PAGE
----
Germinal centres (GCs) are specialised lymphoid microenvironments that form in secondary B-cell follicles upon exposure to T-dependent antigens. In the GC, clonal expansion, selection and differentiation of GC B cells result in the production of high-affinity plasma cells and memory B cells that provide protection against subsequent infection. The GC is carefully regulated to fulfil its critical role in defence against infection and to ensure that immunological tolerance is not broken in the process. The GC response can be controlled by a number of mechanisms, one of which is by forkhead box p3 expressing regulatory T (Treg) cells, a suppressive population of CD4+ T cells. A specialised subset of Treg cells - follicular regulatory T (Tfr) cells - form after immunisation and are able to access the GC, where they control the size and output of the response. Our knowledge of Treg cell control of the GC is expanding. In this review we will discuss recent advances in the field, with a particular emphasis on the differentiation and function of Tfr cells in the GC.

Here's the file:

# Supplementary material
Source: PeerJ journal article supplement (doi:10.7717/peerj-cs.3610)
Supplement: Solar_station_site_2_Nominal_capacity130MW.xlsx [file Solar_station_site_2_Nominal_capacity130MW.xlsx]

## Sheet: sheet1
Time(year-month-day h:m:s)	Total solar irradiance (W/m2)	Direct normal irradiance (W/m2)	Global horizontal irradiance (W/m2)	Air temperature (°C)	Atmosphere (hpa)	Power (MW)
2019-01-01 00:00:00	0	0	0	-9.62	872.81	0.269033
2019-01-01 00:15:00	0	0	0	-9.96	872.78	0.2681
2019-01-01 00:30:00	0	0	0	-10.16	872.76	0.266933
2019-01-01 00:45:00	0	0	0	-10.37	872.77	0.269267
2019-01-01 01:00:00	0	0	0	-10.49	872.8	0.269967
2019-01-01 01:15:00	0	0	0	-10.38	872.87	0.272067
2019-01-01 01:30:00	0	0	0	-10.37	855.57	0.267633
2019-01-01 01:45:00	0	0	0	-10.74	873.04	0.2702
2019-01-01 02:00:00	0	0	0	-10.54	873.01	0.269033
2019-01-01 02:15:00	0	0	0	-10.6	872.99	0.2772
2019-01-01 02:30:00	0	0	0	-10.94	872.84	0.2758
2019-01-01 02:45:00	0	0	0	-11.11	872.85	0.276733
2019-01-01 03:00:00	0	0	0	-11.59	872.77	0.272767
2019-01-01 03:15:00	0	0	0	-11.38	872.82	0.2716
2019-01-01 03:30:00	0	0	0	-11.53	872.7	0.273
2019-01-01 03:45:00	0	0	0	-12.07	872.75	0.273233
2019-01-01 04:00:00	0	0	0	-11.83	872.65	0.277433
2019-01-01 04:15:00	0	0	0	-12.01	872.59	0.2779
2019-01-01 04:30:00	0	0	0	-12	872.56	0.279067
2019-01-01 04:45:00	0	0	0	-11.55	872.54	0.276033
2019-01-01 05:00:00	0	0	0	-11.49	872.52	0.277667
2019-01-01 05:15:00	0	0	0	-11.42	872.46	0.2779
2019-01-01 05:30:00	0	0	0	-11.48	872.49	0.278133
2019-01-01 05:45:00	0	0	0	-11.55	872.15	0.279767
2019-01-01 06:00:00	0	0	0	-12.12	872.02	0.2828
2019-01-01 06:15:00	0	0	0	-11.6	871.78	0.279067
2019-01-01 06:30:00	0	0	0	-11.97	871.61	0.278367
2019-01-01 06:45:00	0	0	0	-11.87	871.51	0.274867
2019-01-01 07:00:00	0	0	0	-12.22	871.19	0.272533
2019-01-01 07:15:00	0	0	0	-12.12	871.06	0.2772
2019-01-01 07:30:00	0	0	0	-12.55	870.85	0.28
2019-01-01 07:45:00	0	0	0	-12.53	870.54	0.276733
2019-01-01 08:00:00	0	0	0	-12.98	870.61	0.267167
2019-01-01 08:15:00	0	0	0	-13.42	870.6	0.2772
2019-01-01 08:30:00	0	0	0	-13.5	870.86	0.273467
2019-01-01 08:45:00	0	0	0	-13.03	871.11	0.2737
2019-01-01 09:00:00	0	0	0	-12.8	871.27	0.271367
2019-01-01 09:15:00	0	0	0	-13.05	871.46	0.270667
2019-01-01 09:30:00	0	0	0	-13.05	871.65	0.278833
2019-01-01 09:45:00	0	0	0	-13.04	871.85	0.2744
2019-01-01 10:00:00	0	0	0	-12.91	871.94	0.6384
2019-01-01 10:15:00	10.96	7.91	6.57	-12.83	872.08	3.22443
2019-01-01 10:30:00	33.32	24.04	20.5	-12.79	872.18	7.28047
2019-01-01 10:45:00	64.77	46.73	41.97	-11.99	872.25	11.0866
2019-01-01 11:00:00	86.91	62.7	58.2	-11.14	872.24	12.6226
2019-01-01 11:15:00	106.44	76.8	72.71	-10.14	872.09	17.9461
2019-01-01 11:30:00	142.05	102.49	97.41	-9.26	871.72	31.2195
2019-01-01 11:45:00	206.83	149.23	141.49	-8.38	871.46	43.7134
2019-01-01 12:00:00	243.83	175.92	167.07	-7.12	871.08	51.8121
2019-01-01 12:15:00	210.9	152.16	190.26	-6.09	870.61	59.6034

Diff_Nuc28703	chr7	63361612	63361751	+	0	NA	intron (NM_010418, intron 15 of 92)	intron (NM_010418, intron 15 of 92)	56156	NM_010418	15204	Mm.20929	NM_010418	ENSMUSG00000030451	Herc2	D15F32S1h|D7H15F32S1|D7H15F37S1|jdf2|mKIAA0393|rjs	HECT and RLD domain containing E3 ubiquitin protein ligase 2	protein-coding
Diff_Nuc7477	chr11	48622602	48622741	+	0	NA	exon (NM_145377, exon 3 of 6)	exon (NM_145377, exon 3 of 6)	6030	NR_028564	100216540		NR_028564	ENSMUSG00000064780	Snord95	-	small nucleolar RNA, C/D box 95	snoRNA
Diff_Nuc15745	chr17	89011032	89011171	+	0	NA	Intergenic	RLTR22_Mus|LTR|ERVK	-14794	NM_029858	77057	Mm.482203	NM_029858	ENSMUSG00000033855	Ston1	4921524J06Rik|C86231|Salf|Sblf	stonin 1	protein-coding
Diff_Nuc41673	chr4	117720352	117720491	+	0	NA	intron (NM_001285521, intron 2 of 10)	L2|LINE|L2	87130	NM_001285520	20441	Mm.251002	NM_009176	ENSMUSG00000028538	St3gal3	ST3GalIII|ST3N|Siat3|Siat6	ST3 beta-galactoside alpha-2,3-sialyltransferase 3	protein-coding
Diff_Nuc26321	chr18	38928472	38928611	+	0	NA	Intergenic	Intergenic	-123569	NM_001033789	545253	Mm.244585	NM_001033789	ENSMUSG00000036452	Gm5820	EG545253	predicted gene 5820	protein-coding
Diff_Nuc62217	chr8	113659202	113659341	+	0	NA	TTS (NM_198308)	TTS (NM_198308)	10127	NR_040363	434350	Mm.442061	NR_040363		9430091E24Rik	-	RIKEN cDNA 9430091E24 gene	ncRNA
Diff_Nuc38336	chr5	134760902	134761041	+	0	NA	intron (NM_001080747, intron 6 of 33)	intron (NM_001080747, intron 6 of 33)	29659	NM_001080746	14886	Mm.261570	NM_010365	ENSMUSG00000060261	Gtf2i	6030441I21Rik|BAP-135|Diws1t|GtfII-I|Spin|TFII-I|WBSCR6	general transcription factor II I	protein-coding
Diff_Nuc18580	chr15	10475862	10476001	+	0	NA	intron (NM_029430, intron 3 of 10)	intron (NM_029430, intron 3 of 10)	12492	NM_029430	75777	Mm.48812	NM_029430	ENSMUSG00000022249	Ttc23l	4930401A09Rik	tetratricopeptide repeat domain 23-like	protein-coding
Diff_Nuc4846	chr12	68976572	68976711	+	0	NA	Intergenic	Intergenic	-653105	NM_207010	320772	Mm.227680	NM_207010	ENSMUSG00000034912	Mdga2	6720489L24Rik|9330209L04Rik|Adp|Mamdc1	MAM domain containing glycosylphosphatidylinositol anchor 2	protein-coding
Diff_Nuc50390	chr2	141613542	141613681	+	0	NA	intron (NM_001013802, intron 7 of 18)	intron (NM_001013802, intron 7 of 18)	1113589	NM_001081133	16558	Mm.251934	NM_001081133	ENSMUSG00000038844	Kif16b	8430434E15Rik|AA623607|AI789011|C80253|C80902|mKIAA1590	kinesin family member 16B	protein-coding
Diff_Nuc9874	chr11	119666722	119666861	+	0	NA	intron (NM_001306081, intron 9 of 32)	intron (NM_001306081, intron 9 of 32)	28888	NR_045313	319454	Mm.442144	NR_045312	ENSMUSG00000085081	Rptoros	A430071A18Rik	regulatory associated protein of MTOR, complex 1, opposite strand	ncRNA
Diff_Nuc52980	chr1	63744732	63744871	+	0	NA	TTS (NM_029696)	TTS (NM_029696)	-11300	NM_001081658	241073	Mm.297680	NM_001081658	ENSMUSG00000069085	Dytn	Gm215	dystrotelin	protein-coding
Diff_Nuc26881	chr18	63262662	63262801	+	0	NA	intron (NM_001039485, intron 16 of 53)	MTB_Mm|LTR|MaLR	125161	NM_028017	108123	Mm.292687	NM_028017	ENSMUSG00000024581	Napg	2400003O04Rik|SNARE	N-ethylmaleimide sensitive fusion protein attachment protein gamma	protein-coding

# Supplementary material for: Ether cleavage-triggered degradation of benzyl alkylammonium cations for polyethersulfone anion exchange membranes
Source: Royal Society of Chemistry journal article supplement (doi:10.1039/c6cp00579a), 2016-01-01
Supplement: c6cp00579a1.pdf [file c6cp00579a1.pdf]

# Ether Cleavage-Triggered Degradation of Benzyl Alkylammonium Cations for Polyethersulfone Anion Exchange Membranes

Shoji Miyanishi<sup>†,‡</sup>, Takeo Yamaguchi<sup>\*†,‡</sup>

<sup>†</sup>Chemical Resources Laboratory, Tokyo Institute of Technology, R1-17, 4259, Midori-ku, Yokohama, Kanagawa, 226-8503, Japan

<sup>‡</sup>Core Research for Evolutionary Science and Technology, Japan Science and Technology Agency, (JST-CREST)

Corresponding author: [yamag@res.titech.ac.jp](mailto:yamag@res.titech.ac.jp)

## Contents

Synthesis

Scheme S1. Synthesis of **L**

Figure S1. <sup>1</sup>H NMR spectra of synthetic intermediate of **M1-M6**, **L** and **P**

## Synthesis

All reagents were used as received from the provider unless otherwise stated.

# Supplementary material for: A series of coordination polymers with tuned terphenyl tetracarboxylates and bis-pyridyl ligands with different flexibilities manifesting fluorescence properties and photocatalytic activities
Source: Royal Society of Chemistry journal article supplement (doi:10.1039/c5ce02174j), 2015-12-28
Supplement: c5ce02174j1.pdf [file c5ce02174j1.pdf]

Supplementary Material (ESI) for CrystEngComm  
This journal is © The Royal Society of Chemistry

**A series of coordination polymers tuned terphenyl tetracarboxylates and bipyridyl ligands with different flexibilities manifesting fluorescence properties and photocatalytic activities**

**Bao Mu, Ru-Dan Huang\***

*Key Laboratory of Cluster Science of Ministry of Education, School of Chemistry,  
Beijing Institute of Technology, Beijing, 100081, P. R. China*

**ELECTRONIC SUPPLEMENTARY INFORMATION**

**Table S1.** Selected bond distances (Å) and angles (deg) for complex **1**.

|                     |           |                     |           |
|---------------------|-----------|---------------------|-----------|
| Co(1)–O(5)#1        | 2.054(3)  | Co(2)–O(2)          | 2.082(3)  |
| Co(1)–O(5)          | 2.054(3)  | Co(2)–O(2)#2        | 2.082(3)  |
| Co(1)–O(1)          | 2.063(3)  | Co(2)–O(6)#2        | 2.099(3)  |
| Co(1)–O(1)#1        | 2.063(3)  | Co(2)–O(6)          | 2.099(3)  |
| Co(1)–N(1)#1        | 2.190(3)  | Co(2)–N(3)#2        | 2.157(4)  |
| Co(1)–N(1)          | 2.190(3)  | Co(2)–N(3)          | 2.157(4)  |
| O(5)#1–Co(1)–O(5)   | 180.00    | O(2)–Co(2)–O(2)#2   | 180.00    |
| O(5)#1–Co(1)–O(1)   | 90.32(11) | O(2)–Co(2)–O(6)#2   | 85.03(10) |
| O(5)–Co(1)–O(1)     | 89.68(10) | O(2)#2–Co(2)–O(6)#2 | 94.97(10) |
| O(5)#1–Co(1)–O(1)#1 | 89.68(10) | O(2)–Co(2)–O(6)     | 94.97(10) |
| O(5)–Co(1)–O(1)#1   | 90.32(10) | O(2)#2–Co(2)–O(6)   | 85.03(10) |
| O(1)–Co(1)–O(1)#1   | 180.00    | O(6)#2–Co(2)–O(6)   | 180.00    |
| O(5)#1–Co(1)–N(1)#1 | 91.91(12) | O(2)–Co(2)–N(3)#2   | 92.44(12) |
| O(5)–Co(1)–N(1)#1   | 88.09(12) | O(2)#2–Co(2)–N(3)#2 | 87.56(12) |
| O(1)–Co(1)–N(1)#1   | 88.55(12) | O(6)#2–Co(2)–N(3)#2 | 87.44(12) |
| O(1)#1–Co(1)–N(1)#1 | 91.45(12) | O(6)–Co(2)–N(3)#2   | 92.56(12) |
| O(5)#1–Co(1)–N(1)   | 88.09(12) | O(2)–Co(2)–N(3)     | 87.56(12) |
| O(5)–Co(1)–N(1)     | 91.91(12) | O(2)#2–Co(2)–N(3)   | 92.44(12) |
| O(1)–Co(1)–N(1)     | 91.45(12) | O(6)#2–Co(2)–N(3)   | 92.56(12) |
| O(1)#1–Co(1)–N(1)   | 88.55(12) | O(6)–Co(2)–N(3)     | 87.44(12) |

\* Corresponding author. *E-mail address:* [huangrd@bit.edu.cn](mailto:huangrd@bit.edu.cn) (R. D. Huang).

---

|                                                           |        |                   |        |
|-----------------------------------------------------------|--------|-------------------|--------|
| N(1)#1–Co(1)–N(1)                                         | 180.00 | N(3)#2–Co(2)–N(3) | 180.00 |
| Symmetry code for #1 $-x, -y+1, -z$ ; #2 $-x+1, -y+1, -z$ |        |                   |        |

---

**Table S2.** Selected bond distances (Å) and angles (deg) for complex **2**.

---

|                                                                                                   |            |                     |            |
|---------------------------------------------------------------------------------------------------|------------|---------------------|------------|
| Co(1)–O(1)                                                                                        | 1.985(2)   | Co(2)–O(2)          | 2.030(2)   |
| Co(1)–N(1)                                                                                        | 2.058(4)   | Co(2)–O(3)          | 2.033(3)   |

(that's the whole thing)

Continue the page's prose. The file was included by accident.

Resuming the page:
Vanderleyden I, Linterman MA, Smith KG. (2014). Regulatory T cells and control of the germinal centre response. Arthritis research & therapy, 16(5)